(By Mary F. Calvert)

Leaders in higher education have known for many years that low-income students are underrepresented at top institutions. How to change that? Catharine B. Hill, the president of Vassar College in New York, writes in this post about the only way that colleges and universities can expand socioeconomic diversity.

By Catharine B. Hill

As college admission wait lists begin to clear and tuition deposits arrive, campus officials will soon know who plans to attends in the coming academic year. And with the announcement of a U.S. Department of Education “First In The World” competition offering $75 million in funding to expand college access and improve student learning while reducing costs, we have reason to hope that the numbers of students from all backgrounds will grow in the future.

Anxiety about increasing income inequality in America has focused attention on who gets seats in college, especially at our country’s most selective institutions. This concern is well placed, because the colleges and universities with the highest endowments per student allocate the most resources to their students’ education and have the greatest success in graduating their students and sending them on to prestigious careers and graduate programs.

If higher education in America is to continue to contribute to equal opportunity and economic mobility, not only do its leaders need to make more places available across the entire system, the highly selective institutions need to do their fair share by educating a more socioeconomically diverse student body.

Higher education officials have known for over a decade that low-income students are underrepresented at top institutions and that there are plenty of high-ability, low-income students who are qualified to attend. Studies that I conducted with fellow economist Gordon C. Winston on a group of the country’s most selective private non-profit colleges and universities found that the share of lower-income students could be increased by 30 to 60 percent at these institutions, while maintaining academic quality. Work done by William Bowen, former president of Princeton University and the Mellon Foundation, and also by the Century Foundation for larger groups of selective colleges and universities, reached similar conclusions. There should be no debate about whether there are qualified lower-income students out there.

Where there is debate, however, is why they are underrepresented at selective colleges and universities and what to do about it. For qualified low-income students to attend a selective institution, they need to apply, get admitted, decide to attend, receive adequate financial aid and support while at college, and then graduate. Low-income students can end up being underrepresented at selective institutions, even if they’ve managed to get through high school with the credentials to attend, because of failures at any one of these steps.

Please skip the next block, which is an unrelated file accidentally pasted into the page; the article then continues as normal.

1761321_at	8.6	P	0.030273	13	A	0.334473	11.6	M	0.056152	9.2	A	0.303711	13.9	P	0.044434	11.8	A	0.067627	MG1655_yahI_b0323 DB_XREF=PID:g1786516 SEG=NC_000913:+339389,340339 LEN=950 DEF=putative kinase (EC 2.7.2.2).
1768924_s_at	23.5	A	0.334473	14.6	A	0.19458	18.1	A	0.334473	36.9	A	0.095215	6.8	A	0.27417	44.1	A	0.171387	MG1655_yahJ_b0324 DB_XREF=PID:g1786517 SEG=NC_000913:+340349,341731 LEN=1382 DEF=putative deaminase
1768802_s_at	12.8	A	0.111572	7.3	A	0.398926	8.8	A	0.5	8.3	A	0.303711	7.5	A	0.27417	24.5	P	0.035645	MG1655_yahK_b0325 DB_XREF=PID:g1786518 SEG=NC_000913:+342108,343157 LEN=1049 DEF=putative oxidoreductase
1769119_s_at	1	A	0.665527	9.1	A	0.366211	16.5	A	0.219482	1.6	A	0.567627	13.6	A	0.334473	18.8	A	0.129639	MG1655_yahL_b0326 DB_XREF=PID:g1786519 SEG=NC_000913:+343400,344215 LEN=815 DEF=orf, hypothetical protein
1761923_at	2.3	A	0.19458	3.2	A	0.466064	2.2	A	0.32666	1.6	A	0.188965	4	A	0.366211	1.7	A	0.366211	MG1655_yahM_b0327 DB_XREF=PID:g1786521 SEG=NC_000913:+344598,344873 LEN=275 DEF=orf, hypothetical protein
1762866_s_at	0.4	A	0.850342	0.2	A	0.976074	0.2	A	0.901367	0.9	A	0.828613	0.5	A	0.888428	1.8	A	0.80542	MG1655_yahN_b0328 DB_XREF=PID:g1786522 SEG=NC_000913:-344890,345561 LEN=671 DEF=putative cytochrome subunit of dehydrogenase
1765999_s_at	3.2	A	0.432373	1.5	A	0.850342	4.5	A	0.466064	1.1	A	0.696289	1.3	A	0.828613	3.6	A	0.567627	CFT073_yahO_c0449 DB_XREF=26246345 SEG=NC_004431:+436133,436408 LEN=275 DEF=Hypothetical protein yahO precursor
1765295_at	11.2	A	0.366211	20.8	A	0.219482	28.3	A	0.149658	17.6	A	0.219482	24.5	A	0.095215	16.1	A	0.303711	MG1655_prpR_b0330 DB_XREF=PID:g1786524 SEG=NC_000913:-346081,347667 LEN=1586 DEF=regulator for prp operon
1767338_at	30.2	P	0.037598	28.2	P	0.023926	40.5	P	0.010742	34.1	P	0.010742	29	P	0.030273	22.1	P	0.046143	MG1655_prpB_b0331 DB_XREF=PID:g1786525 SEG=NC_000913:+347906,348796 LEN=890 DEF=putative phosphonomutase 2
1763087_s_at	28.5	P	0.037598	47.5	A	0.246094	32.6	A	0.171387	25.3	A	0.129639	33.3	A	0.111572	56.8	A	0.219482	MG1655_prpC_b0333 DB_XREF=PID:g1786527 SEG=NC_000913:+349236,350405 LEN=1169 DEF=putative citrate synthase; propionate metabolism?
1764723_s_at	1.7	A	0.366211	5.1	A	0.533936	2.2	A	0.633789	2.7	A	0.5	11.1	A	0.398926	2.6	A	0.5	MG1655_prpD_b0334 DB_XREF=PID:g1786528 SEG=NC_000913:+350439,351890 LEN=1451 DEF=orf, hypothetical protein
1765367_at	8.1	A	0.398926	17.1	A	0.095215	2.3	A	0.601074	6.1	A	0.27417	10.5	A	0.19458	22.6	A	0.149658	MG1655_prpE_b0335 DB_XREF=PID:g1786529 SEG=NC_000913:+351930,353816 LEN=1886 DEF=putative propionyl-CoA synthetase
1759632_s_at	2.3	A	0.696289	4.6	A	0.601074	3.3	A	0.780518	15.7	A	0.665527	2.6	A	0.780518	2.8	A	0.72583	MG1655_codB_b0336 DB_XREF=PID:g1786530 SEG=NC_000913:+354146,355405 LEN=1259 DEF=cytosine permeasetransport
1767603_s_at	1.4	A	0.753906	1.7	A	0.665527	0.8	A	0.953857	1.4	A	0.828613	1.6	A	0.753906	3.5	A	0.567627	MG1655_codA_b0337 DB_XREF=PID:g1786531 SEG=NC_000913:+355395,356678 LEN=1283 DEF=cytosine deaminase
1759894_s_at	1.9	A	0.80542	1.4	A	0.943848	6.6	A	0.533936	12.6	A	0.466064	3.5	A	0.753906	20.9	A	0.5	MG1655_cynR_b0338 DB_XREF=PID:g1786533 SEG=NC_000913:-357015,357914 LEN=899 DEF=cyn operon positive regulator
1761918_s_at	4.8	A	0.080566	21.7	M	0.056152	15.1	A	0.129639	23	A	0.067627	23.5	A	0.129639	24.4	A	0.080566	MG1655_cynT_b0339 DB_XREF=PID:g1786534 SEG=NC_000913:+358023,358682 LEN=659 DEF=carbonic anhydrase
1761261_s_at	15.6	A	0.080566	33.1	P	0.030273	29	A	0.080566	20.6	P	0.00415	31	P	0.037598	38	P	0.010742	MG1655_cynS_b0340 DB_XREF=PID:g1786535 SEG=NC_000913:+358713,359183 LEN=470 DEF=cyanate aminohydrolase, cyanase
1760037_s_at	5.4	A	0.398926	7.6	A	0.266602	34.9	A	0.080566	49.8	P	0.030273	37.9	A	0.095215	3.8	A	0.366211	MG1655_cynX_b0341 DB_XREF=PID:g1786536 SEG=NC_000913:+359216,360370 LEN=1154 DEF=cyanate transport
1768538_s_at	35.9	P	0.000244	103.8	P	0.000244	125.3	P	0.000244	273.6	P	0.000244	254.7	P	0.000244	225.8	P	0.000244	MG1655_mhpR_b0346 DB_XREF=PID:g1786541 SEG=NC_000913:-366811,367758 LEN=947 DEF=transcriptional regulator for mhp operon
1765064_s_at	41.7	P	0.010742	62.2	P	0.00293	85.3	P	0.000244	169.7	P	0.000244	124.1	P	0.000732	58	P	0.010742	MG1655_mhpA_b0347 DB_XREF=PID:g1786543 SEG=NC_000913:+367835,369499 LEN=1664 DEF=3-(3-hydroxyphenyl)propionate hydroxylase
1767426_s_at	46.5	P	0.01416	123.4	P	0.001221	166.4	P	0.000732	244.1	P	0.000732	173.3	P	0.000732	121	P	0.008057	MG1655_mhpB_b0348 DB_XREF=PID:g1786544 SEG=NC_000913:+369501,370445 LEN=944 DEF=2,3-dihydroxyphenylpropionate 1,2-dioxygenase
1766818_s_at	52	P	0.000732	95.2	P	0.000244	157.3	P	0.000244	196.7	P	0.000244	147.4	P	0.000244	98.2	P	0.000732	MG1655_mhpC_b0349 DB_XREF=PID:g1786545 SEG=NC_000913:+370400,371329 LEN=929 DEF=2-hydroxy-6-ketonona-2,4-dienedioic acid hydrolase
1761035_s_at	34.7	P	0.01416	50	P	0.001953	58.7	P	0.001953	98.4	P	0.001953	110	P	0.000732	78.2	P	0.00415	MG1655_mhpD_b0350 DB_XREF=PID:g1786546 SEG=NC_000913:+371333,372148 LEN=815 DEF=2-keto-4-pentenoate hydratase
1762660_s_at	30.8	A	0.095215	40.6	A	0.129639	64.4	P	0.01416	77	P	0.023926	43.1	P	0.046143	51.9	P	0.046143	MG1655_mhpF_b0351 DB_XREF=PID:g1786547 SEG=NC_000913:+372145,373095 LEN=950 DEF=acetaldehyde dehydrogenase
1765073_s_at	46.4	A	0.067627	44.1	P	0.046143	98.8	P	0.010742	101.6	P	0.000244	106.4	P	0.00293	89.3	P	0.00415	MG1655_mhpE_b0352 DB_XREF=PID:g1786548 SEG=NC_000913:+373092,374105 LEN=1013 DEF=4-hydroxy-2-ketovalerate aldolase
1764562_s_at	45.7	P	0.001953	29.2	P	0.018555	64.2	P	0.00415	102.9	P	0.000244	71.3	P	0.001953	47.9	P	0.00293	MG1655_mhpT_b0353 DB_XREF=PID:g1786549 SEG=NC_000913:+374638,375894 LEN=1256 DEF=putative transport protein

Some scholars have suggested that it is primarily a question of getting such students into the applicant pools of top colleges, by giving them adequate information about the opportunities offered, particularly about the actual price after need-based financial aid is taken into account. The cost of attending many of the selective colleges may be substantially lower at high-tuition institutions. When their generous financial aid policies are taken into account, the net price at these private institutions is below the price at many public institutions with lower tuition. It is true that too many students, families, and their college counselors do not realize this. But, this reasoning suggests that there is a very low-cost solution to under-representation at the selective colleges, an idea which is highly misleading. The real constraint? Resources for financial aid.

To begin, there are only about 50 or so colleges and universities in the United States that are both need-blind in the admissions process and meet the full financial need of their students. This means that all of the other selective institutions are already turning down qualified students based on the students’ financial need or not offering them adequate financial aid to actually attend. If improved information leads to greater numbers of lower-income students applying to these schools, it will only result in a greater number being rejected or else offered acceptances that they cannot afford. Some talented lower-income students may displace other lower-income students, but the aggregate number educated will not change.

Others institutions, which are committed to accepting students regardless of financial need and giving them adequate financial aid to attend, still face financial constraints and trade-offs. And, as more demands are placed on budgets, colleges and universities are moving away from their commitments to financial aid. This is a hard truth, the trade-off that every college and university faces: Every dollar spent on financial aid is not available to spend on improving the quality of the academic program offered.

To increase the socioeconomic diversity of the student body, especially at America’s leading colleges and universities, more resources must be allocated to financial aid. Colleges and universities can make these decisions and commit even greater resources on their own, but the government can also create greater incentives to do so. The Department of Education’s new “First in the World” competition is a welcome example. The annual financial aid budget of my college alone is $60 million, and $75 million in federal award dollars will go fast. But it will not go to waste.